My Take: Stopping crime won’t come down to one single solution (1/3/20)

Published: Jan. 8, 2020 at 3:33 PM EST
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COLUMBIA, S.C. (WIS) - A sobering and, quite frankly, scary statistic was highlighted during a news conference by the Columbia police department. Listen to this, homicides in the capital city are up 56 percent year to year. The numbers are right there. In 2018, there were 16 homicides in the city of Columbia. In 2019, it jumped to 25.

Let that alarming fact sink in for a moment.

We know crime is a serious problem. We see the stories all the time of victims being gunned down in senseless acts. Earlier this week, as you saw live on WIS, police chief Skip Holbrook discussed the problem. Since November 25th alone, we’ve seen at least four deadly shootings in Columbia. And it is sure to continue. In one case, two 14-year-olds are now charged with murder. Children. Accused of the worst crime anyone can commit. Five of the department's homicide cases remain unsolved and authorities say that's largely due to community members not cooperating with police.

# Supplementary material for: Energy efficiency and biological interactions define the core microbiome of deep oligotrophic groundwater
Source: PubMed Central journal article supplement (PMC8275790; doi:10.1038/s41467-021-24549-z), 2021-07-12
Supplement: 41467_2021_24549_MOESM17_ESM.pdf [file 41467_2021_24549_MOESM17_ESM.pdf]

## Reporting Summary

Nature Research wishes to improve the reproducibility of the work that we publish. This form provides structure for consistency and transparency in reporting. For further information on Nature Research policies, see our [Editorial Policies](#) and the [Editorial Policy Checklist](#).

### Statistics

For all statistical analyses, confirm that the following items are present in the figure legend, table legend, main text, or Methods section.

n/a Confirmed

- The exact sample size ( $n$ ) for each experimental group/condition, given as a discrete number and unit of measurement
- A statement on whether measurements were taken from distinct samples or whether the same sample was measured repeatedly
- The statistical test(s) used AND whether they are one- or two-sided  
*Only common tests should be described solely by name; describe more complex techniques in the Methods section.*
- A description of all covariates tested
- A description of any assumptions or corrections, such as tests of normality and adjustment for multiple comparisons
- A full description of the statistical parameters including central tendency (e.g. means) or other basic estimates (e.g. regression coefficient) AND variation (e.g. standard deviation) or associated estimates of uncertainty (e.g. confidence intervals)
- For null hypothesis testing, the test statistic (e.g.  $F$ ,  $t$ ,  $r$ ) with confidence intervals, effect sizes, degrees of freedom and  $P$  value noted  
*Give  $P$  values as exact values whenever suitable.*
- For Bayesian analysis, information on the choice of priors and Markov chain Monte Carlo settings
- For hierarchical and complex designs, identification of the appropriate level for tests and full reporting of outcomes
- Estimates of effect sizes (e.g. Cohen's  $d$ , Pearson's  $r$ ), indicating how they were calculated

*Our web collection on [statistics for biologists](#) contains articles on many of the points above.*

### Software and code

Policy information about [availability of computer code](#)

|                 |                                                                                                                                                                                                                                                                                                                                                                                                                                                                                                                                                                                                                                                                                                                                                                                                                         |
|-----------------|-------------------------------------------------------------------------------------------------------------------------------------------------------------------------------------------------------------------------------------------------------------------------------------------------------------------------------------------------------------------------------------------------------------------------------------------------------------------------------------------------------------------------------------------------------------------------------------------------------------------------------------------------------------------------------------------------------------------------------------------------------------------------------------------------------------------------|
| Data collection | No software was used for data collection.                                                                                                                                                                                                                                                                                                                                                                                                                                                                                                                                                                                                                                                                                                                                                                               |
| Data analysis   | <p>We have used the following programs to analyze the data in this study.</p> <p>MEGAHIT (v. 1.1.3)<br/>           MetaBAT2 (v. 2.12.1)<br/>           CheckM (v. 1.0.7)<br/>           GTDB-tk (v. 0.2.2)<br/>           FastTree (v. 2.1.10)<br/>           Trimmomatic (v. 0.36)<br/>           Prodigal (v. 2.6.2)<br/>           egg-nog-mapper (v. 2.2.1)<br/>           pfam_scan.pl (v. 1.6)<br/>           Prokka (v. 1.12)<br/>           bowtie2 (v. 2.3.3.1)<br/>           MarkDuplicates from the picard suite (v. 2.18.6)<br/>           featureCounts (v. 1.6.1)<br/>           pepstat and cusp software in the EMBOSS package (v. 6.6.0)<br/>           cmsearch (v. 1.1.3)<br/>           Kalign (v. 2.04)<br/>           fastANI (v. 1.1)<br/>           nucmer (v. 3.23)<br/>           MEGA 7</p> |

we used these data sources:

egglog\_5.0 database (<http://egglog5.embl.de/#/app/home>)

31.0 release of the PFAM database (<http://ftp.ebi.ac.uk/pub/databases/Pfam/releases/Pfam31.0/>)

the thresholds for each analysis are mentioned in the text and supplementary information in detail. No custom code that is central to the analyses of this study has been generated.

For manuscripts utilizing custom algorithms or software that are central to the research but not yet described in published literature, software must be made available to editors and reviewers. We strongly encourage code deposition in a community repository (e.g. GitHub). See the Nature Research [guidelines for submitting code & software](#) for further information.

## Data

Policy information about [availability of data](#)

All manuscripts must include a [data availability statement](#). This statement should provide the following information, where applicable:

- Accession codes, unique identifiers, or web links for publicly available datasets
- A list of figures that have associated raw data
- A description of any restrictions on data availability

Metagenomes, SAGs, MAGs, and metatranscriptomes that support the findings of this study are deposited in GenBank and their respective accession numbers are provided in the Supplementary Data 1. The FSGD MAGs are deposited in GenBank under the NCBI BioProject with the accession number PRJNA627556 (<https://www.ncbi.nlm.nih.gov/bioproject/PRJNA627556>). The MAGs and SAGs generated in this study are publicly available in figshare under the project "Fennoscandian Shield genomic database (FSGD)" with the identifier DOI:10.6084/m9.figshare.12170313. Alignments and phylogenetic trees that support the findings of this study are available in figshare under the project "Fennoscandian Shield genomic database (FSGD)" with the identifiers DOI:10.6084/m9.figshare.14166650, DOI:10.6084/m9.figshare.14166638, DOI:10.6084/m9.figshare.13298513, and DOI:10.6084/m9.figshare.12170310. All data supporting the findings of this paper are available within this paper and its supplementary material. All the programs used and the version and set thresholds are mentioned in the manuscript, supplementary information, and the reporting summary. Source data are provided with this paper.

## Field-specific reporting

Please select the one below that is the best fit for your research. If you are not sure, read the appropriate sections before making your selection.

“The key piece to this is staying our course, but we've got to have the community engagement, not just to provide info, but to say their fed up with this,” said Columbia Police Chief Skip Holbrook, “and it's not just acceptable. We need some pushback from the community so these prolific trigger pullers that they aren't welcome in Columbia.”

As an example, police say there were a few hundred people at the scene of a December shooting on Norman Street, said to be gang-related. Many of these deadly shootings are happening in an area of north Columbia--the same general area where the ShotSpotter technology is located. Chief Holbrook says the number of alerts is beginning to decrease, but police are finding the number of rounds being fired at each incident is going up.

The bottom line is this must stop.

No one single thing is the answer. It’s only through the combination of increasing penalties for repeat offenders, breaking up gang activity, improving police relations with parts of the community and residents themselves being brave enough to step up and report what they witness that we will see a change. Until that happens, we will be left to wonder “when will it happen again?”

That’s My Take, What’s Yours?

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